Monday, May 28, 2012

Check!


the bulletin board

I went and bought myself a bulletin board and some fancy tacks.  It's all part of my new organizational goal for my office space.  Straightaway I put up three lists, all of things to do before we go get Elvie.  They are pretty self-explanatory, I think.  Must Do really does mean MUST.  Oughta Do is for stuff that needs to be done around the house and will most definitely not get done once we've got a medically fragile infant in the house.  Wanna Do is for fun.  I'm happy to report that today we checked off half the items on the Wanna Do list.  I realize there are only two, but they are both things that I really wanted to do.  So today, I took Zinashi to the movies.

I know that when we come home with Elvie, our lives will change drastically, especially initially.  And while I intend to be purposeful about spending time one-on-one with Zinashi, I recognize that it will be much harder than it is now.  In particular, I will have a lot less energy for excursions such as going to the movies.  So we did that today, because we won't be able to do it later, at least not for awhile.

In other ways we also operate on this same principle.  I have been carrying Zinashi a lot lately and helping her with things she can usually do herself.  Some may say that doing this is getting her used to something that I cannot continue, but my aim right now is to do as much for her as possible, to fill her full to overflowing with love and care and meeting her needs right away so that when I cannot do that, she's got plenty to go on.  It is going to be a challenging transition for her regardless; if we can go into this with her securely ensconced in our love, then that is the best possible preparation.  We talk about what it will mean to have a baby in the house.  We talk about learning to wait and taking turns.  And then we show her that she is still our baby and will always be our baby, even when there's another baby in our lives.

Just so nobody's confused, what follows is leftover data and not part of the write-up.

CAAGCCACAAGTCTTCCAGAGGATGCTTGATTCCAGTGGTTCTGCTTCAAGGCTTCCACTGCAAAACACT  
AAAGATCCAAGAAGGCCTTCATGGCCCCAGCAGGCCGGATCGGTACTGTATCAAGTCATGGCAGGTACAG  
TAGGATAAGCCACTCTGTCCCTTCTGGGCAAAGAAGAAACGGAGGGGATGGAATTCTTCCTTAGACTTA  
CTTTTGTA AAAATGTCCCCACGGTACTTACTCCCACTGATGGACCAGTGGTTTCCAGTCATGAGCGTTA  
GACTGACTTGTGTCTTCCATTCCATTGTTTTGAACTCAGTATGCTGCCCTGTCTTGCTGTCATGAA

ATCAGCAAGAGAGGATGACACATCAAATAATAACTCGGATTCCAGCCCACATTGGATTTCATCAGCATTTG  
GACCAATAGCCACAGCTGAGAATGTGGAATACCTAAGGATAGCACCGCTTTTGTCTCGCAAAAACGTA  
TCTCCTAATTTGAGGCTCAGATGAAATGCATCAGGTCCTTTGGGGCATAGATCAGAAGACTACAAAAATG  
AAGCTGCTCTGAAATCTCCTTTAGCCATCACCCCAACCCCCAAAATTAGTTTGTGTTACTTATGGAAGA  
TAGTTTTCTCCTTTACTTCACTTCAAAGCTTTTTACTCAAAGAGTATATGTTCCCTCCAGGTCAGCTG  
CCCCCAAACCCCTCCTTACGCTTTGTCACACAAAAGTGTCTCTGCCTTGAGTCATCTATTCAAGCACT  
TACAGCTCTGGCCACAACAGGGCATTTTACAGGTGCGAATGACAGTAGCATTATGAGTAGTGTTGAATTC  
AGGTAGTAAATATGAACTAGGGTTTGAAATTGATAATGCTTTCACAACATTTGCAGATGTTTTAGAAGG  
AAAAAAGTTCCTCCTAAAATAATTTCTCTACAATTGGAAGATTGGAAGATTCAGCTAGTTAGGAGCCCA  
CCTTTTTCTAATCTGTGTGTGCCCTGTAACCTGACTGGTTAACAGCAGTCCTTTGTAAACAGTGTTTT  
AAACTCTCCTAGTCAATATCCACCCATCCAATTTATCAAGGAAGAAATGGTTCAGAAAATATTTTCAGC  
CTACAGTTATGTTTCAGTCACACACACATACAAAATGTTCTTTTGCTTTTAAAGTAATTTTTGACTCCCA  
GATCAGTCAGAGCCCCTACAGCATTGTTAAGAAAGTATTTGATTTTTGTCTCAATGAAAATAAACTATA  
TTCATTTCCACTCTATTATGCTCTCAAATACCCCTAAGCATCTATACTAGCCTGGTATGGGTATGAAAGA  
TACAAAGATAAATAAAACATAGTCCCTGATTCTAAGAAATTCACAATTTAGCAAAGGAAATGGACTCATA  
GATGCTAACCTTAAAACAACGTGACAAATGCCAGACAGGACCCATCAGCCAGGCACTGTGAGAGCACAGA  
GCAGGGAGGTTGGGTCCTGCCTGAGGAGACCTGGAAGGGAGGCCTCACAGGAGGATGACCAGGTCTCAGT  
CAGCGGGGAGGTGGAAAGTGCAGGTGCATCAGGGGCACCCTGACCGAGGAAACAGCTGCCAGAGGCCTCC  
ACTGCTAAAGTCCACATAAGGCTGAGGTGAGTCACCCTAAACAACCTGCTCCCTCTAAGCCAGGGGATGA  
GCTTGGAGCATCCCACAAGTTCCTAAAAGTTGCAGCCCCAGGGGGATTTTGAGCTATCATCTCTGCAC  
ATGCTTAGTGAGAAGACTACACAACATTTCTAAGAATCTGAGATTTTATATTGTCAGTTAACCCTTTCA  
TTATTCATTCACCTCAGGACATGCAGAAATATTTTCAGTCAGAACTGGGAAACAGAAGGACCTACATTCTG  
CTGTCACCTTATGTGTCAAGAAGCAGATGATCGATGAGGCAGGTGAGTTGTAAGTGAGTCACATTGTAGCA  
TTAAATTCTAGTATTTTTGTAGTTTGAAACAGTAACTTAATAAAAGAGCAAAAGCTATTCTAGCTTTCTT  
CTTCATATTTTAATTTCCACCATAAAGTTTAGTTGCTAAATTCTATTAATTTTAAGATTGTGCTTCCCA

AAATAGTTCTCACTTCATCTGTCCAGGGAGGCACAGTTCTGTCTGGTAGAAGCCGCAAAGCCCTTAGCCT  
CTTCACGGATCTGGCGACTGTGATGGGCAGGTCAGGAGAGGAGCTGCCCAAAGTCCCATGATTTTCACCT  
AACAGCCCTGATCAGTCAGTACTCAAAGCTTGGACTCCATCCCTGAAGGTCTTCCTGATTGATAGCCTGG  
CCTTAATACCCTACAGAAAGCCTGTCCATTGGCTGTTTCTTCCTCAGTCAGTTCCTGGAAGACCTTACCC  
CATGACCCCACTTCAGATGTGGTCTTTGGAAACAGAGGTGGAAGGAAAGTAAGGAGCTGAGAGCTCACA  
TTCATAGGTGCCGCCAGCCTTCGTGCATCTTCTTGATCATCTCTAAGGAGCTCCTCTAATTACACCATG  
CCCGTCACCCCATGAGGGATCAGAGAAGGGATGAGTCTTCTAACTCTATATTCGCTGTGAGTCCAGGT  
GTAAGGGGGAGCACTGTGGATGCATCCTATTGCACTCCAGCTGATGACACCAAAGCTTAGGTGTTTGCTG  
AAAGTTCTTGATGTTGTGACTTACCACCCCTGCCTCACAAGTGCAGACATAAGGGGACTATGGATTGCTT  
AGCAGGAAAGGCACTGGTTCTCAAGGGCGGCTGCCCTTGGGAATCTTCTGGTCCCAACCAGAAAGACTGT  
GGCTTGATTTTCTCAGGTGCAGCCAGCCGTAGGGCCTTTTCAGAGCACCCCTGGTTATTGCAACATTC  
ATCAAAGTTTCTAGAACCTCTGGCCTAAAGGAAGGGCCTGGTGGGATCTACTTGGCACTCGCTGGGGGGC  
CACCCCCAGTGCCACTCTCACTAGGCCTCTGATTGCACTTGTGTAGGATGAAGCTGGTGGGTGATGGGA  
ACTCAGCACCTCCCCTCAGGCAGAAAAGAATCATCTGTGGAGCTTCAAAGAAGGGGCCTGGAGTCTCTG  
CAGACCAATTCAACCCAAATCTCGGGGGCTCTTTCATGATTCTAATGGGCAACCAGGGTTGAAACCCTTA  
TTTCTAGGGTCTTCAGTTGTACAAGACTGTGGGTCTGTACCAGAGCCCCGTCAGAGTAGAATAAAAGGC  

As for that other baby, our Elvie, I am just ready to go get her.  I can talk all I want about how we have plenty to do and not enough time and blah-blah-blah, I should just stop saying that.  I want her home.  The end.

(No, really, the end.  I've got an episode of Mad Men to watch before bed.)

2 comments:

  1. Very good action plans momma. Fill that girl up! Here's to things going smoothly and QUICKLY for the entire family

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  2. We have biological children, but I assume the prinicples are the same.

    We prepared our son for our daughter's arrival like you are doing, but we also gave him a sense of ownership of the baby. We talked about how we are a family and everyone in the family takes care of everyone else: that's what a family is. We brainstormed things he could do to help with the baby. We brainstormed things the baby could help him with when she got older.

    When the baby was born and she would fuss, instead of just reacting, I would involve him. I would say, "our baby is crying. what do you think she needs?" I would let him sing her a song or give her a toy or binky. Even if she started crying louder I would say "I think she likes it. It's helping." I always called her our baby or his sister. He very early took on a sense of ownership of her and a sense of needing to help take care of her. Also, when I was busy with the baby, we were way more generous about things like letting him watch TV without limits, just to keep him occupied while I was occupied with the baby.

    He always seemed to understand and never expressed frustration when the answer to something was no because of the baby. He was just accepting. She was part of our family and required care. Also, whenever he asked for something that I could tell he really wanted, like to play baseball or read a story or for a cuddle. I ALWAYS put the baby down or handed her off to give him what he asked for. It didn't need to be for more than just a couple of minutes, but it let him know that he was still important and that even though I spent a lot of time caring for the baby and paying attention to her, that when he really needed something he got it and his needs are just as important as the baby's, it's just that she can't do as much for herself as he can.

    I never told him he needed to do something because he was a big boy and wasn't the baby anymore. Even though he could dress himself, if he wanted me to dress him I did.

    As a result he is a very loving and patient big brother of his 18 month old sister. They delight more in each others' company and have a bond very different from the bond they have with us. This is the way it should be and it makes me so happy to see them love each other so much.

    You are a caring and sensitive mother. I know you will find the right balance for your family. It will be difficult, but you will do it. And I hope Zinashi and Elvie will have a relationship that will transcend any expectations you have.

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